Blues Club

September 2022

Still casting a spell with music legends and a Delta vibe

By Mariana Brown, Visit Florida

On a deeply rutted road in the North Florida woods, the moon shines through a tangled crochet of oaks dripping with Spanish moss. Tallahassee is only minutes away, but at the Bradfordville Blues Club the sensation of its urban pulse is far behind.

In the days of segregation, African American musicians played the “chitlin’ circuit” — a network of safe venues where they could perform. The Bradfordville Blues Club continues to present headliners in the same authentic setting that emerged in the 1930s, when Black farm families gathered beside a bonfire with guitars, their field hollerin’ calls and the earthy pounding of Southern blues music.

Already the smell of deep-fried catfish and onions is wafting your way. Miss Ernestine, one of the local ladies, may even be serving up some red velvet cake. For 50 years, every night the Blues Club is open, Miss Ernestine has been setting up her kettle to bubble while her ex-husband starts a roaring bonfire.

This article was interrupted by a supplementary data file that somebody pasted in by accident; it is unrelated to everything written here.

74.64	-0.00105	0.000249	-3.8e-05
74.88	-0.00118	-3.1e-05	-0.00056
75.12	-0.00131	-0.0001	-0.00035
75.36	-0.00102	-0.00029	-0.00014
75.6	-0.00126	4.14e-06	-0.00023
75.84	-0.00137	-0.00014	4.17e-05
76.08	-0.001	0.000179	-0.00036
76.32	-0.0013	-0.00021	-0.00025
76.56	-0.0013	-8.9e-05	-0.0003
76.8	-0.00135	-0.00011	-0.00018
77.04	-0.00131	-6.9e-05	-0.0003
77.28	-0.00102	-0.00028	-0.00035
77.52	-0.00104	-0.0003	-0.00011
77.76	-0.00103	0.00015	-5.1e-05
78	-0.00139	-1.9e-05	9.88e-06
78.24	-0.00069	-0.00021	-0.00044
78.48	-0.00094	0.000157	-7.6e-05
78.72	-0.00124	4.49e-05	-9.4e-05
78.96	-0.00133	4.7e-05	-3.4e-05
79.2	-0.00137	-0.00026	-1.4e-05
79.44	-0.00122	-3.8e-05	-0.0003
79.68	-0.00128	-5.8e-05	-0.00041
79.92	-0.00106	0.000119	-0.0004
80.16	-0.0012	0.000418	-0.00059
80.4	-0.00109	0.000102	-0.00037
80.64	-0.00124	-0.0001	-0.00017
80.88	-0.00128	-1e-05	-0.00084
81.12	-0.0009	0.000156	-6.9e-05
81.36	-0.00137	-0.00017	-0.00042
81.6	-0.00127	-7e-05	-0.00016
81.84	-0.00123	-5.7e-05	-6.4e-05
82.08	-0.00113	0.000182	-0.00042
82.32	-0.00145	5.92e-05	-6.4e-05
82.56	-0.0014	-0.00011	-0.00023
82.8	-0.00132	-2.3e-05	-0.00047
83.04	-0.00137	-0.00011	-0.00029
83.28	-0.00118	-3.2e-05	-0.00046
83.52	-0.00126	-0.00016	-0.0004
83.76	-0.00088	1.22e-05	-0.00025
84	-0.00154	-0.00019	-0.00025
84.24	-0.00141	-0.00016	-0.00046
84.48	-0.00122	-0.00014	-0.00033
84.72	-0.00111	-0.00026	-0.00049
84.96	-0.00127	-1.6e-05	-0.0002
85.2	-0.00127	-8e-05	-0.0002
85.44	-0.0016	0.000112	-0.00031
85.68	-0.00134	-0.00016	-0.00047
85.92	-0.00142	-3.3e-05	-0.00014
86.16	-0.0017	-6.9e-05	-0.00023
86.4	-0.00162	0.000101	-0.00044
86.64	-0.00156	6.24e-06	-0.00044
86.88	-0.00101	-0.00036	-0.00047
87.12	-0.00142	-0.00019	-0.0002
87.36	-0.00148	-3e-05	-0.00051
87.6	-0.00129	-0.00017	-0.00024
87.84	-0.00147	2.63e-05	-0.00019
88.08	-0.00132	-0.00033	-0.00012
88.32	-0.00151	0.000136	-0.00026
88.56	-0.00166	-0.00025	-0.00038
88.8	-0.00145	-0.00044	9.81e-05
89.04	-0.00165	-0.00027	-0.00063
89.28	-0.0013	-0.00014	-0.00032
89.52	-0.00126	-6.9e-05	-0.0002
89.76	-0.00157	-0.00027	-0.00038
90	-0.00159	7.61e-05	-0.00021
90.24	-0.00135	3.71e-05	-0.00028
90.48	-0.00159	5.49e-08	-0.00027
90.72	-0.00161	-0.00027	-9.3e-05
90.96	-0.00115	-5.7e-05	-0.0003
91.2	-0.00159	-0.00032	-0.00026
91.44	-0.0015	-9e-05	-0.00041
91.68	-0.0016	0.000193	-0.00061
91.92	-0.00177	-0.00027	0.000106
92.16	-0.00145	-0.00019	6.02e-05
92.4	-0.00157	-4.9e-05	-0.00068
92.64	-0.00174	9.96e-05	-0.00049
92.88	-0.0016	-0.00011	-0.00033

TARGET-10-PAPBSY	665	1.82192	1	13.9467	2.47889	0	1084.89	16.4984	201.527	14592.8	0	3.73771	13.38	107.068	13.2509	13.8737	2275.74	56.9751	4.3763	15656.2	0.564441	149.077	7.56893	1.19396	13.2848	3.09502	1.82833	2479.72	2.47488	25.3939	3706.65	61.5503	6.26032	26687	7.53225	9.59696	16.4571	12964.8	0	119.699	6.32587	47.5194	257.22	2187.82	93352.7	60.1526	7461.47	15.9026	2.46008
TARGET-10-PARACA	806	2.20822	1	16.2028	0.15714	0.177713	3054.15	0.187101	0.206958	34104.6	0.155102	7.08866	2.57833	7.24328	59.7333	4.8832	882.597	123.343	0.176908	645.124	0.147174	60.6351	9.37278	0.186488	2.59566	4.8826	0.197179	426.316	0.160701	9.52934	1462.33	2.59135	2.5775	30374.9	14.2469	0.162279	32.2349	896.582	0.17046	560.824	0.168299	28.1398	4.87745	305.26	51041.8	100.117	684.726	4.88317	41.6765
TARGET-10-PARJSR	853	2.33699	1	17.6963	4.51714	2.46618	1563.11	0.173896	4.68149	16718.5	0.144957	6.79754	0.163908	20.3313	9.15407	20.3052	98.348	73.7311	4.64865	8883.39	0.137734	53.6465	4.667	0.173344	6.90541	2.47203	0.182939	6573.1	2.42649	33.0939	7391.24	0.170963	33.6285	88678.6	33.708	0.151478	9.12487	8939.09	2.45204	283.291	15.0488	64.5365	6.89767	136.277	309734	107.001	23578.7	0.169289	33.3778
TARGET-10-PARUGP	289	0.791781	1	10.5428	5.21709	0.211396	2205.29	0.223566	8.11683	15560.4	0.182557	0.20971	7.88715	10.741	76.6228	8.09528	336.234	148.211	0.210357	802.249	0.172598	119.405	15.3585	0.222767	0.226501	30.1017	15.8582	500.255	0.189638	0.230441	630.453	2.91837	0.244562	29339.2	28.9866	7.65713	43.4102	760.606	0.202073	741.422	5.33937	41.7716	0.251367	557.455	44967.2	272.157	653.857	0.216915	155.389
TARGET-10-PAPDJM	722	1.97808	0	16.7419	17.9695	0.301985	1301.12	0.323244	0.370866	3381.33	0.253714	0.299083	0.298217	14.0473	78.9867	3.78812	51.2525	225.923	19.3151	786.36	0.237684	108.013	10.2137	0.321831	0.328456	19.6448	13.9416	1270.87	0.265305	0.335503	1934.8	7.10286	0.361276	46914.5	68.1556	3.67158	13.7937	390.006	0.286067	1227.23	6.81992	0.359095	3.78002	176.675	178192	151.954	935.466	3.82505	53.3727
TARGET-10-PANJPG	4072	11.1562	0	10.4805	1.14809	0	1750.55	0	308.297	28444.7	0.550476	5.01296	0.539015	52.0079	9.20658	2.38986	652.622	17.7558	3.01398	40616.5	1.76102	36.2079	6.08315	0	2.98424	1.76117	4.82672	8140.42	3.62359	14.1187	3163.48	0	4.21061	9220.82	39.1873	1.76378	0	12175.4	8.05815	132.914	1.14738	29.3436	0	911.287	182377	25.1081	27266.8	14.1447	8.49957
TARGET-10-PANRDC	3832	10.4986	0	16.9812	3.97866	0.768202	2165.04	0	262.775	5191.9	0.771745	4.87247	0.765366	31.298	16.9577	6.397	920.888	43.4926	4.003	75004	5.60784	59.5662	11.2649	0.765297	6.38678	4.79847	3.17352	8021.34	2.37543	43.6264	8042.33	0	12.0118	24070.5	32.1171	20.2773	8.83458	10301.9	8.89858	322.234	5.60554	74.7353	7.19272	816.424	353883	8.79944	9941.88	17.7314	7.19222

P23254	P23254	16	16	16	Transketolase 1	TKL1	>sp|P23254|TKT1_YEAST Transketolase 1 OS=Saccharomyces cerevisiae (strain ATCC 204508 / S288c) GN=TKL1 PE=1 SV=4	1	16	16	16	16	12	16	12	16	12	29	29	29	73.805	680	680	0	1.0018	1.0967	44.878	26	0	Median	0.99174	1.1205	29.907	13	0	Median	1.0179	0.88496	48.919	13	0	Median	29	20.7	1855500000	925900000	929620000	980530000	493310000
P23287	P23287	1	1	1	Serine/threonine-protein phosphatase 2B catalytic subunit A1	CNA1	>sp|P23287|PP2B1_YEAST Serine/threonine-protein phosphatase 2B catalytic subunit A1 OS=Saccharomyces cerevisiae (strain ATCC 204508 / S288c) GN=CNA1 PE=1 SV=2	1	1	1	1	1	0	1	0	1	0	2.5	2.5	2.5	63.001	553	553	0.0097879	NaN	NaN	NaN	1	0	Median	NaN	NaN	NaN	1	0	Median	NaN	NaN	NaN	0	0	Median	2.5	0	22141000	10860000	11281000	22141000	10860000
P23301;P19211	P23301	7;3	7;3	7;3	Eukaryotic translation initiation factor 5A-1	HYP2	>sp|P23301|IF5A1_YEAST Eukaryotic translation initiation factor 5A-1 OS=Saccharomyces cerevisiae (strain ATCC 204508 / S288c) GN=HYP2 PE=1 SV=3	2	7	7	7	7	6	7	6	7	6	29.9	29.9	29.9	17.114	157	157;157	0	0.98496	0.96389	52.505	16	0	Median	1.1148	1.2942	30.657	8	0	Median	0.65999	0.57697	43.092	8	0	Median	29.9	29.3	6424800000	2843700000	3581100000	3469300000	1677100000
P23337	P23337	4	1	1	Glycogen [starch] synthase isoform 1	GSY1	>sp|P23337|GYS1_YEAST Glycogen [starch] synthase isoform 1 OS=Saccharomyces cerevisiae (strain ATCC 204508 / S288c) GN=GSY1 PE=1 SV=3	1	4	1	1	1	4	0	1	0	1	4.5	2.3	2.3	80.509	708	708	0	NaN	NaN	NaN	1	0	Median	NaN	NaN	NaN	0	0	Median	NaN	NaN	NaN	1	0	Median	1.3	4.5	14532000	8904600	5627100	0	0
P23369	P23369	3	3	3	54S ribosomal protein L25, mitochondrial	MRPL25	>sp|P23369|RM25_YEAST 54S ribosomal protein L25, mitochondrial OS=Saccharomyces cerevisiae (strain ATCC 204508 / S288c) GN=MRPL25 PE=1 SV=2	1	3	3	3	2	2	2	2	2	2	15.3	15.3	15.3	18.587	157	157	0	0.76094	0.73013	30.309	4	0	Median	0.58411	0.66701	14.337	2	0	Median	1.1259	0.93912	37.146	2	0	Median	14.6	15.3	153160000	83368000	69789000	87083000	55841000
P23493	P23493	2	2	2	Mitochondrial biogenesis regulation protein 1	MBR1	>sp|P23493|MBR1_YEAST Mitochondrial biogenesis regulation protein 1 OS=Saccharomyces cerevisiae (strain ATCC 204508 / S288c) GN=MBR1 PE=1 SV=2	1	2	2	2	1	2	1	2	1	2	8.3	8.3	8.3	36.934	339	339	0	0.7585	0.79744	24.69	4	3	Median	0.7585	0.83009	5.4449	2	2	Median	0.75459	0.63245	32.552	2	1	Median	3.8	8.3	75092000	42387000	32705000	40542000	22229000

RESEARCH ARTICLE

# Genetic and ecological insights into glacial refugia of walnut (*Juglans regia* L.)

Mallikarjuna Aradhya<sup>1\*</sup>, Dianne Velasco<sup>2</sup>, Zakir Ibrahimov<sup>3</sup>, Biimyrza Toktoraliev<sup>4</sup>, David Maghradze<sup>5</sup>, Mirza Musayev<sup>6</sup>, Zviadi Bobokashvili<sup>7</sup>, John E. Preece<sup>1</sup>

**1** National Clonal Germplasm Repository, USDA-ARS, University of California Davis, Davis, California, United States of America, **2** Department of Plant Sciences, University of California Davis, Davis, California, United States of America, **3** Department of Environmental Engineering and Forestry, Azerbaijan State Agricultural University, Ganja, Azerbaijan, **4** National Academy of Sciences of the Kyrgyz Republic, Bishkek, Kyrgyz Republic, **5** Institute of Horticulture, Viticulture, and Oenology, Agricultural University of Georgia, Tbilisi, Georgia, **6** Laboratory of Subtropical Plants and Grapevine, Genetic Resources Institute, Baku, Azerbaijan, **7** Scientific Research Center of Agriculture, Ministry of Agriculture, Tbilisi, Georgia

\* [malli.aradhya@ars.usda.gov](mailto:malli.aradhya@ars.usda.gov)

“It’s tradition,” says the club’s current owner, Gary Anton, an attorney who long ago fell under the spell of the blues. “During a break from the music inside, we sit around the bonfire the way the old folks did, swapping lies and telling tales and eating the best catfish this side of New Orleans.”

But inside is where the tales are born. The walls are black, the floor concrete. The stage is framed by blinking Christmas lights. The room can pack no more than 50 at small round tables, painted with the lacquered portraits of the greats in the business. More paintings of those shades-wearing, homberg-sporting blues legends stare down from the walls circling the room.

And then the band cranks up. At the Bradfordville Blues Club, bikers, architects, laborers and professors all mingle in a hand-clapping melting pot, swaying with the beat. A bass guitar pounds in the low-down 1,2,1,2 rhythm that has visitors and regulars alike bobbing their heads and pumping their knees. The wail of a singer rises, dancers pack the floor, and the sound of traditional blues carries up and out over the Southern oaks.

The historic Bradfordville Blues Club, which recently received a Keeping the Blues Alive Award from the Blues Foundation in Memphis, is one of only 10 venues outside the state of Mississippi to be placed on the historic Blues Trail. Radio station WTTL 106.1 out of Tallahassee broadcasts live from the BBC every Saturday night at 10 p.m.

“What do I like about playing here?” asks James “Pookie” Young, of Lil’ Ed and the Blues Imperials. He rubs his formidable jowls and puts it plain and simple. “The vibe is amazing, man. It’s unique. It’s rawbone. Way down Delta, man!”

It may be all about the blues, but Bradford Blues Club is a joy.